The Queensland government has approved the groundwater plan for Adani's controversial Carmichael mine, clearing the company's last significant environmental hurdle in the Galilee Basin.
The proposed coal mine is the first of six waiting for approval to begin mining in Queensland's Galilee Basin, described as Queensland's last significant coal resources.
Plans for the project, known as the Carmichael mine, were first proposed almost a decade ago. Initially, Adani said it would be one of the biggest in the world and employ 10,000 people. But the mine has been scaled back significantly and it is now expected to create "1,500 direct and 6,750 indirect jobs", the company says.
In a statement, a spokesperson for the Department of Environment and Science said the company submitted the most recent version of the plan, addressing department feedback, on Wednesday – 24 hours before the approval deadline set by Queensland’s premier, Annastacia Palaszczuk.
On Thursday, state officials endorsed Adani's plan for groundwater management after several revisions to satisfy environmental requirements. The state also recently approved a separate plan to protect the black-throated finch, an endangered species which lives in the region. Adani will now be able to begin preliminary work, such as land-clearing and road access development at its mine site.
The mine has frequently become a flashpoint for pro- and anti-coal forces, prompting protests and counter-protests. Alongside are those advocating job creation and activists who are pointing towards the environmental degradation the project will bring. Environmental campaigners fear the project could pave the way for six other mines to be approved in the area, which is about 400km (248 miles).
The Carmichael site itself is barren land but those who oppose the mine say that activating it would still harm the fragile ecosystem of the nearby Great Barrier Reef. The federal department said the review of the groundwater dependent ecosystem management plan (GDEMP) “has been rigorous and based on the best available science” and there had been regular meetings to “ensure the plan is robust and provides the maximum environmental protection”.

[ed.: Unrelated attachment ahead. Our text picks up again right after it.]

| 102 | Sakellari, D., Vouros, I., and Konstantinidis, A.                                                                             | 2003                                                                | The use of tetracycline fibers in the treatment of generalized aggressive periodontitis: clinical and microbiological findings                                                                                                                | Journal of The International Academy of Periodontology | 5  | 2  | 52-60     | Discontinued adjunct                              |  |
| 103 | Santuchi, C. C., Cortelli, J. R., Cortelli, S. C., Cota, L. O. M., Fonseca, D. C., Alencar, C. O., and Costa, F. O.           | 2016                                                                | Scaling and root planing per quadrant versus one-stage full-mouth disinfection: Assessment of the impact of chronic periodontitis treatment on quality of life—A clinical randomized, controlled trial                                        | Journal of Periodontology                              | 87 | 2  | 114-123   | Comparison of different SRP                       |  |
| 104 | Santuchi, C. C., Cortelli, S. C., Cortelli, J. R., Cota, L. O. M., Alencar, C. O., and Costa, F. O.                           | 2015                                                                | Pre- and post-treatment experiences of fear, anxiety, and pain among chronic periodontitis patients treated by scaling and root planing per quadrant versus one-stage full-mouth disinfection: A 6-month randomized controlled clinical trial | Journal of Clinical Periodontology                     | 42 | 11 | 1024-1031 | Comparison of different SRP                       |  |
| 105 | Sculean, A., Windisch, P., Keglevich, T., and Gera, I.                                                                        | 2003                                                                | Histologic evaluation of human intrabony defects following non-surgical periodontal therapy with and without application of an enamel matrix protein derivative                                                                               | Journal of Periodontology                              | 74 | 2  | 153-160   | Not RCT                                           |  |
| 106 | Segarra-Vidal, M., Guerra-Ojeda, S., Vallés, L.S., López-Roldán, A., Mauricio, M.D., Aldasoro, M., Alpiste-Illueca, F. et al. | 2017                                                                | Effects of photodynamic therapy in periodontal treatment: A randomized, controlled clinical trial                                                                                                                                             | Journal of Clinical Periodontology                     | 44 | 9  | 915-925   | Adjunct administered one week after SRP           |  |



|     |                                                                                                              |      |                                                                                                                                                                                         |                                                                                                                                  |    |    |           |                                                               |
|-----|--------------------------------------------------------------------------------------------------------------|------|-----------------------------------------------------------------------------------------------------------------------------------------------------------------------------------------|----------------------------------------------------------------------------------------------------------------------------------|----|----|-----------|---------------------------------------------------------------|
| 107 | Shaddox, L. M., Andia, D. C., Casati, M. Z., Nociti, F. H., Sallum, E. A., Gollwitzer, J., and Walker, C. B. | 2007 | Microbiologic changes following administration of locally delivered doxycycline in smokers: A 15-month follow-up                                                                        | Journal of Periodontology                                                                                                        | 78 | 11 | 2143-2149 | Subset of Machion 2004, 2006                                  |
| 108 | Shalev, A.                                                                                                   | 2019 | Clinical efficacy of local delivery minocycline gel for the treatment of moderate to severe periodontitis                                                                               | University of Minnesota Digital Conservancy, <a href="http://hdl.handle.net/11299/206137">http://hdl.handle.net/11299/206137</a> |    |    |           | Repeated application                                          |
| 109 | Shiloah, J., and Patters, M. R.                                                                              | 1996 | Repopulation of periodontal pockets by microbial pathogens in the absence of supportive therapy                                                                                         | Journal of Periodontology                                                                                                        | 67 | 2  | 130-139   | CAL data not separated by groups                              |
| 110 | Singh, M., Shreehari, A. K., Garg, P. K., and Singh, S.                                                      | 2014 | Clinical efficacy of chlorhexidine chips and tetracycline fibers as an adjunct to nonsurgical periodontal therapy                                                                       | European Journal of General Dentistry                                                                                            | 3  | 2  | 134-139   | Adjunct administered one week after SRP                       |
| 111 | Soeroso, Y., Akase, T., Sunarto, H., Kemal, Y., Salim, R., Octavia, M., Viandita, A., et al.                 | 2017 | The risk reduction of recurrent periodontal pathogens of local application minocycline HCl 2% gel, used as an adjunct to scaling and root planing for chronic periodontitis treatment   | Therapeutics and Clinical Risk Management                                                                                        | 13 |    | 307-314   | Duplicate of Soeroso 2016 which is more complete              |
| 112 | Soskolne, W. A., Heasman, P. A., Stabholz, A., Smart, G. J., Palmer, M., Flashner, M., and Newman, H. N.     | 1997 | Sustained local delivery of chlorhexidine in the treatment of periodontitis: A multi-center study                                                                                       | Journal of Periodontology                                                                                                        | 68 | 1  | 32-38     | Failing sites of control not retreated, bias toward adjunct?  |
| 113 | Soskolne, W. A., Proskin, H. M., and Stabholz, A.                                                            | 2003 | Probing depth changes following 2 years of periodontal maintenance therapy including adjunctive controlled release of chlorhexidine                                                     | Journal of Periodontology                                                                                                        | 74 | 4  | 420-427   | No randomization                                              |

The groundwater plan has been extensively scrutinised by CSIRO, Geosciences Australia and criticised by seven prominent groundwater scientists earlier this week, demonstrating how Adani Mining plans to protect the region's underground water supplies as it extracts coal. One of the most contentious issues has been the impact of the mine on a group of ancient desert springs which provide underground water to several threatened vegetation species. Those issues have been focused on the potential impact to the Doongmanbulla Springs, about seven kilometres to the south-west of the mine. Adani's groundwater dependent management plan is the final environmental issue to be approved by both the Queensland and Australian governments and has sparked a range of protests from conservation groups and landholders.
Speaking to Newsclick, senior journalist Paranjoy Guha Thakurta said, “The scale of this project is historic, it is the biggest investment by an Indian company in Australia, the project extends beyond environmental concerns, when one looks at the economic viability of the project, it becomes apparent that it is a huge risk, what the Adani group is trying to do is to essentially use the coal for its plants in India.” He added, “When one looks at the viability of the project in terms of its economics no bank was ready to back it up, in March, Prime Minister Narendra Modi and Mr Gautam Adani met the then head of the State Bank of India (SBI) Arundhati Bhatacharya, however the deal did not work out, globally there is a shift to more sustainable forms of resources away from coal, it remains to be seen what gains can be achieved through this project.”
Also Read: Will Australia’s New Govt Change Fate of Adani’s Carmichael Project?